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Recently, I went through a friend breakup. It was nothing like any of my last ones, you know the ones. The explosive arguments, the dishing of dirty, the call-outs—none of those happened with this breakup. No, it was quite silent. I had been sensing we were growing apart, but a part of me wanted to cling to what we used to have. That is always the first mistake. Never cling to what it was rather than accept and move on. She was in town and I messaged her, asking to meet for our usual brunch date. No response. I texted her, no response. Then I see her posting all over social media and viewing my stories, especially the private ones where I was clearly struggling and needed her. But then I shifted from needing, to wanting, to despise, to dismiss. Her services, or lack thereof, were no longer needed. 

So I accepted it, she no longer wanted to talk to me, I no longer fit inside her life. What was strange is that it did not hurt as much as I thought it would. My once best friend was now a simple stranger in my eyes. Someone I used to know, someone I will now watch from a distance on socials. It’s better that way, rather than having empty lunch dates filled with air-headed comments and reminiscing about the same story over and over. I won’t feel obligated to invite her to big events or even worry much about the happenings in her life. I won’t erase her from my past, but I will block her from being in my future.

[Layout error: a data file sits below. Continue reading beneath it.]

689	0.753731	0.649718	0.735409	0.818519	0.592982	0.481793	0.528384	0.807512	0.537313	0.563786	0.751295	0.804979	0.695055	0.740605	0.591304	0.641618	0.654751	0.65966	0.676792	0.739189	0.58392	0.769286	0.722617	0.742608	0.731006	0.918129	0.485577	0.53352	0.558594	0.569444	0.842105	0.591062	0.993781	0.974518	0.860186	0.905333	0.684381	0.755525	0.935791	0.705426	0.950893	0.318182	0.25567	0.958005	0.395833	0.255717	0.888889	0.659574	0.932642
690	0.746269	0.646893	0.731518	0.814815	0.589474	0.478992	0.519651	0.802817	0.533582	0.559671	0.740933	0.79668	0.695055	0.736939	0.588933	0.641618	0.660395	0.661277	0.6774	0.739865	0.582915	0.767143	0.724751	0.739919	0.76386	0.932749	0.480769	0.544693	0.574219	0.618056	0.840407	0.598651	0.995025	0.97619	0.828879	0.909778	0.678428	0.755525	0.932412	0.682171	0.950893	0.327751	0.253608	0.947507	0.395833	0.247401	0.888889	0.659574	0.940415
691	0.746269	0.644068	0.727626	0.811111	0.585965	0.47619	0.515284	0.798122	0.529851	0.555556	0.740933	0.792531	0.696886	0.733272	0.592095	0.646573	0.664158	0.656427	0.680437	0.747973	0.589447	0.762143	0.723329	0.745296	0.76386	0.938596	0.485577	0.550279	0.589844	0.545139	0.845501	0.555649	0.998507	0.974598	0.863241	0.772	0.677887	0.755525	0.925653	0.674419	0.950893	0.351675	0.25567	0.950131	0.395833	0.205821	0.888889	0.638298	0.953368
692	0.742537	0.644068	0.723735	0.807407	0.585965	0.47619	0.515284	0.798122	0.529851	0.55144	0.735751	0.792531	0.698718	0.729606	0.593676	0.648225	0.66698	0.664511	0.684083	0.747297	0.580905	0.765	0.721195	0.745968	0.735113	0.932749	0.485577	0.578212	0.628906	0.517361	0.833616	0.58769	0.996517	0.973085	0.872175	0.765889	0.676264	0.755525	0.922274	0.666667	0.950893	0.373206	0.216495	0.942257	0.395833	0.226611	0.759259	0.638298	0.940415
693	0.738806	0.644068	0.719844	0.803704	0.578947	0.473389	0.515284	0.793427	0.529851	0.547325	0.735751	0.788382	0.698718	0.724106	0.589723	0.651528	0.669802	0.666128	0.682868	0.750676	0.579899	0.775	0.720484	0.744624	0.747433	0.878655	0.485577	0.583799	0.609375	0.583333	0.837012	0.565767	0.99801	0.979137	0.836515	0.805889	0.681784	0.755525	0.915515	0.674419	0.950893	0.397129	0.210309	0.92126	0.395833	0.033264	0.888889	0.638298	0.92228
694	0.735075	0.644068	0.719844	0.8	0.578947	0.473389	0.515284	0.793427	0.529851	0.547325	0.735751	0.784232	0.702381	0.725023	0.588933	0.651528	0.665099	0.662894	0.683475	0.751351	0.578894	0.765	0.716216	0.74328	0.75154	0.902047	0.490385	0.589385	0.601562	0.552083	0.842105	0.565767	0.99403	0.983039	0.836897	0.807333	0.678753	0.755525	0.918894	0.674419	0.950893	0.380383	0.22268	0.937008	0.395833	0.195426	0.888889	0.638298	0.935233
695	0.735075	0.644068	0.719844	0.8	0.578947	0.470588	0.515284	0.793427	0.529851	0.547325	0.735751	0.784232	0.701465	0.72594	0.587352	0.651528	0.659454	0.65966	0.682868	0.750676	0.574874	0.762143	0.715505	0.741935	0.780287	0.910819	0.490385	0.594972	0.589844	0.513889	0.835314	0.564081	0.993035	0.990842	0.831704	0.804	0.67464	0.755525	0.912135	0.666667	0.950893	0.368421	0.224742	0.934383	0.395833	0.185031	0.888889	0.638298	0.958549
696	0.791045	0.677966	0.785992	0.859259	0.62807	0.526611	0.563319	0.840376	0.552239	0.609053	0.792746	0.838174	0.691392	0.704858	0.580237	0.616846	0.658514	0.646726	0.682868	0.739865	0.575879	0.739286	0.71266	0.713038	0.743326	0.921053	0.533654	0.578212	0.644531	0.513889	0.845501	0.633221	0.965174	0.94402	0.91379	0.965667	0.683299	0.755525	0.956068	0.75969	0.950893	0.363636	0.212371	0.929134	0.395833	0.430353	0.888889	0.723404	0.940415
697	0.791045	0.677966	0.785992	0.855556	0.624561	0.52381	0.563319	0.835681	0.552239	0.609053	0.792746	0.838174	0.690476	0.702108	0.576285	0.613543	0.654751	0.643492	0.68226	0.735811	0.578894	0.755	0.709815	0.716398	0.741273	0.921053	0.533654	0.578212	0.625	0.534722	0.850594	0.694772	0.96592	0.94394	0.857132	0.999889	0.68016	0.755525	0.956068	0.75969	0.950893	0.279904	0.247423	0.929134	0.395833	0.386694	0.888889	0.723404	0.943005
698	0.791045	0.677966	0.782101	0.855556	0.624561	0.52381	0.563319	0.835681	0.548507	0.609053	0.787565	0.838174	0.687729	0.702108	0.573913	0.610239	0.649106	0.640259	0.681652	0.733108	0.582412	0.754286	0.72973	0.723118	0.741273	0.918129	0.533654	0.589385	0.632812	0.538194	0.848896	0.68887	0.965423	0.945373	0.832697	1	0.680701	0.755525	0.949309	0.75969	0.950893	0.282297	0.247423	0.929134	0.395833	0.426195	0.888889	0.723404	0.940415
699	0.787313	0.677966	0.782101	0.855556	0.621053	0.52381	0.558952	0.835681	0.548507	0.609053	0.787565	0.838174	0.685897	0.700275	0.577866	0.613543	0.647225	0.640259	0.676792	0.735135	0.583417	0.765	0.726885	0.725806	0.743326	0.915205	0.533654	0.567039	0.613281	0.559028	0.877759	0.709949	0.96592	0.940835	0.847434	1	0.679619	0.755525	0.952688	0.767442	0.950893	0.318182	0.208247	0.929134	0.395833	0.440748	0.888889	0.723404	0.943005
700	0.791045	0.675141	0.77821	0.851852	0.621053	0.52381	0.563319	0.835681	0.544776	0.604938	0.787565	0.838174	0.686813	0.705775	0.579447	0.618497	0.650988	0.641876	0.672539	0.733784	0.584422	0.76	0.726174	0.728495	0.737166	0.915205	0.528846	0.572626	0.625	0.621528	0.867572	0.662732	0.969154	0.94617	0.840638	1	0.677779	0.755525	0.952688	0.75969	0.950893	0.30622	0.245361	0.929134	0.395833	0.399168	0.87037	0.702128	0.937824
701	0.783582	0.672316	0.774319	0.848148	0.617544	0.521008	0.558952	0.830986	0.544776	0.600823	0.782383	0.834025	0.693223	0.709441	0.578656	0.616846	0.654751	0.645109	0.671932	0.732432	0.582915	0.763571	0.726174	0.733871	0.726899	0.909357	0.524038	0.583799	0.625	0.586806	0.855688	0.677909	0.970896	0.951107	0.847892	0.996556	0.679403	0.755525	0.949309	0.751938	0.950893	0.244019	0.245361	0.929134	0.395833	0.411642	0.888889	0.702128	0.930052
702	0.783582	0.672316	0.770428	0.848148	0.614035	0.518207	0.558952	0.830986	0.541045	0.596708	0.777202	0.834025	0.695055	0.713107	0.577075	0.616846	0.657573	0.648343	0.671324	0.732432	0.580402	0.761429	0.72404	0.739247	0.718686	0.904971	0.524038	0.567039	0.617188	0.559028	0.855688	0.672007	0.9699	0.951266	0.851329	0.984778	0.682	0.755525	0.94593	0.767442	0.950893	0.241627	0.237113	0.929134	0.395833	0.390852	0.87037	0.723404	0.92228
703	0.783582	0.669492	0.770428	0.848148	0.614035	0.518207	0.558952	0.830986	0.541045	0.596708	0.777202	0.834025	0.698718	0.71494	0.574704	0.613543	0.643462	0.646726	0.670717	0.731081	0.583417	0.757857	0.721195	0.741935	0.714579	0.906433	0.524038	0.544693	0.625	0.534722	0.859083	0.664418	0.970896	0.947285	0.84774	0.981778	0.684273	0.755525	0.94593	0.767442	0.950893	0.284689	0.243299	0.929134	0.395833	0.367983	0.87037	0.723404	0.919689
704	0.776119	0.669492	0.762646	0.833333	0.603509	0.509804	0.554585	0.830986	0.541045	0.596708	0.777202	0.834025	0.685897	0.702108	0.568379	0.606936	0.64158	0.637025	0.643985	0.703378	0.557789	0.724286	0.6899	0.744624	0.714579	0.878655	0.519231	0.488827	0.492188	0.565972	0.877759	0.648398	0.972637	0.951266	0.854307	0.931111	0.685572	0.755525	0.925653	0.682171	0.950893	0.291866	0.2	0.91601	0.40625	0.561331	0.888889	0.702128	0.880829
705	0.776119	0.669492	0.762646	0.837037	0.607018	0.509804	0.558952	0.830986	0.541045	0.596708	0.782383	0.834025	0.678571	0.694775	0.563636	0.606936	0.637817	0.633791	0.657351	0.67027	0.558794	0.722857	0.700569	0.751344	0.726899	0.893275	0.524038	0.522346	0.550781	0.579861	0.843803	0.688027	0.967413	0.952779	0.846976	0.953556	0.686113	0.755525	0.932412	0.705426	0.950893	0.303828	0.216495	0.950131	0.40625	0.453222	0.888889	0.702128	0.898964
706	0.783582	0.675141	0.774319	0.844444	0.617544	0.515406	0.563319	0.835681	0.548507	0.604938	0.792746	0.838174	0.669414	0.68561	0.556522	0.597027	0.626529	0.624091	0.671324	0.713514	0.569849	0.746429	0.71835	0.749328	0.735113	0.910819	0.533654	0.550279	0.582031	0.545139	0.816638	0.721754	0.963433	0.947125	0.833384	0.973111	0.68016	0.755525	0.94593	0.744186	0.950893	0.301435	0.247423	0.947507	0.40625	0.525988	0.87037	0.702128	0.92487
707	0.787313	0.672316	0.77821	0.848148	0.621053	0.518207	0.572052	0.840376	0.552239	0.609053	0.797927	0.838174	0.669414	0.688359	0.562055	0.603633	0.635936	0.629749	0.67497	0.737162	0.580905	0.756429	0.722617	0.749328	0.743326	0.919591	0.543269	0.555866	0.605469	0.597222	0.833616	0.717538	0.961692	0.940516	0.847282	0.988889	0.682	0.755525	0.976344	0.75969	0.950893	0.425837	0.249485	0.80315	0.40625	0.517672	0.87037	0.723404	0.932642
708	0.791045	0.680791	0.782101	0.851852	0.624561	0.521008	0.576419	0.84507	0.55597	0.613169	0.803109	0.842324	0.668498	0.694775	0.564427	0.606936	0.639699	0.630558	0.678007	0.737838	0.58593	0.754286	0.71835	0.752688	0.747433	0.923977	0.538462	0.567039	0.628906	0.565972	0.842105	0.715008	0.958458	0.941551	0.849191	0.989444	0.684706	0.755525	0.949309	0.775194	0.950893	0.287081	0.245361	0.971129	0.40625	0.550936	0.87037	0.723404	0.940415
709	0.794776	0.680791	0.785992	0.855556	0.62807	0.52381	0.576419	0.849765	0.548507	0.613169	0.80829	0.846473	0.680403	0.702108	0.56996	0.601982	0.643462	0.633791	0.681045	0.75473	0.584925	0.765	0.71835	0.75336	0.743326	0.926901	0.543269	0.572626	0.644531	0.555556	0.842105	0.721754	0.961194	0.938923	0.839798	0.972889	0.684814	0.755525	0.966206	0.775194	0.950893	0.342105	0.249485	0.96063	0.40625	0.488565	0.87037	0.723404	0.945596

Strangely, the day after I wrecked my car, she messaged me on Snap. I’ll never know what it was since I’ve decided I’ll never open the message. Maybe it was a funny inside joke we once shared, maybe it was a check-in asking if I was okay. I am okay, okay with the decision that I no longer need to speak to you in order to feel validation or comfort. Because the ones who were close to me texted me instead of messaging me on Snapchat. They know how much I despise the app and tend to mute all notifications from there.

True friends call when they know you’re in need. True friends know your habits, what tends to make you tick. My true friends know that I hate occasionals (grifters, as I like to call them), people that only pop into your life to give you that quick boost of dopamine, in exchange for sucking the energy out of you. Over the years, I noticed all she would do was suck the life out of me for her enjoyment, but whenever the focus was on me, she could care less. I don’t always need to be the main character, I won’t fall into that syndrome, but when the narrative surrounds me, being just a cameo will never sit right with me.

A word of advice: break up with distant friends now, so that you have room for the ones who truly care about you.

Writer and Lover of all Media
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